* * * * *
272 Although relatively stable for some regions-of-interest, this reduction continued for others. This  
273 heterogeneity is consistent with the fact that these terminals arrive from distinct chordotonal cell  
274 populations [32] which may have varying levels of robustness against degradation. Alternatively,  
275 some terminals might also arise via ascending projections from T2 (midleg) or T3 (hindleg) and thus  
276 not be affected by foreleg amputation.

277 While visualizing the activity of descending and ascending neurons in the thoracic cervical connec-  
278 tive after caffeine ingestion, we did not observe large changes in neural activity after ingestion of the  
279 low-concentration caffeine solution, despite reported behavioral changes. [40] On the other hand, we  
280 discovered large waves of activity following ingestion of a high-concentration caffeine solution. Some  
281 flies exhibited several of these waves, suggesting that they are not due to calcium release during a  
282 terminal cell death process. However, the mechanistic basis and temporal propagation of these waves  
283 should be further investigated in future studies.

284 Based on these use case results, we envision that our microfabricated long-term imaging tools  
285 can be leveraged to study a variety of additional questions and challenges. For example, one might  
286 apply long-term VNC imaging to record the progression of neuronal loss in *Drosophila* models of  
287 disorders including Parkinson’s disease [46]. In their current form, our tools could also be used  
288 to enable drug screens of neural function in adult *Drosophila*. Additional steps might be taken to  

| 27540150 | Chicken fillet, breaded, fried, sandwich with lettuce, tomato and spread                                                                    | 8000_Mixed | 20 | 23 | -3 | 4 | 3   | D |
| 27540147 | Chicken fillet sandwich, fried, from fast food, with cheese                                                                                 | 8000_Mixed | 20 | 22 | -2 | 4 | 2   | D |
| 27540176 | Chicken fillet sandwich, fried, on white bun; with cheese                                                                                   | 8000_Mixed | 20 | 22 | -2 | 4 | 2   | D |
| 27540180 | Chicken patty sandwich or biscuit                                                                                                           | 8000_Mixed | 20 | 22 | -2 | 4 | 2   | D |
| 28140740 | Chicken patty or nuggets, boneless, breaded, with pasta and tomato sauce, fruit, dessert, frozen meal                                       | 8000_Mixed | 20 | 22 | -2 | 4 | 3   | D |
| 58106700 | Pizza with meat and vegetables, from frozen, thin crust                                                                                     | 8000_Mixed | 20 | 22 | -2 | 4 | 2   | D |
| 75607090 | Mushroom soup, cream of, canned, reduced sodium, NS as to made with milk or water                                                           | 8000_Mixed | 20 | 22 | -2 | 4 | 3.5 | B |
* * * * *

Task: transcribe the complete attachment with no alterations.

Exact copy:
272 Although relatively stable for some regions-of-interest, this reduction continued for others. This  
273 heterogeneity is consistent with the fact that these terminals arrive from distinct chordotonal cell  
274 populations [32] which may have varying levels of robustness against degradation. Alternatively,  
275 some terminals might also arise via ascending projections from T2 (midleg) or T3 (hindleg) and thus  
276 not be affected by foreleg amputation.

277 While visualizing the activity of descending and ascending neurons in the thoracic cervical connec-  
278 tive after caffeine ingestion, we did not observe large changes in neural activity after ingestion of the  
279 low-concentration caffeine solution, despite reported behavioral changes. [40] On the other hand, we  
280 discovered large waves of activity following ingestion of a high-concentration caffeine solution. Some  
281 flies exhibited several of these waves, suggesting that they are not due to calcium release during a  
282 terminal cell death process. However, the mechanistic basis and temporal propagation of these waves  
283 should be further investigated in future studies.

284 Based on these use case results, we envision that our microfabricated long-term imaging tools  
285 can be leveraged to study a variety of additional questions and challenges. For example, one might  
286 apply long-term VNC imaging to record the progression of neuronal loss in *Drosophila* models of  
287 disorders including Parkinson’s disease [46]. In their current form, our tools could also be used  
288 to enable drug screens of neural function in adult *Drosophila*. Additional steps might be taken to  

| 27540150 | Chicken fillet, breaded, fried, sandwich with lettuce, tomato and spread                                                                    | 8000_Mixed | 20 | 23 | -3 | 4 | 3   | D |
| 27540147 | Chicken fillet sandwich, fried, from fast food, with cheese                                                                                 | 8000_Mixed | 20 | 22 | -2 | 4 | 2   | D |
| 27540176 | Chicken fillet sandwich, fried, on white bun; with cheese                                                                                   | 8000_Mixed | 20 | 22 | -2 | 4 | 2   | D |
| 27540180 | Chicken patty sandwich or biscuit                                                                                                           | 8000_Mixed | 20 | 22 | -2 | 4 | 2   | D |
| 28140740 | Chicken patty or nuggets, boneless, breaded, with pasta and tomato sauce, fruit, dessert, frozen meal                                       | 8000_Mixed | 20 | 22 | -2 | 4 | 3   | D |
| 58106700 | Pizza with meat and vegetables, from frozen, thin crust                                                                                     | 8000_Mixed | 20 | 22 | -2 | 4 | 2   | D |
| 75607090 | Mushroom soup, cream of, canned, reduced sodium, NS as to made with milk or water                                                           | 8000_Mixed | 20 | 22 | -2 | 4 | 3.5 | B |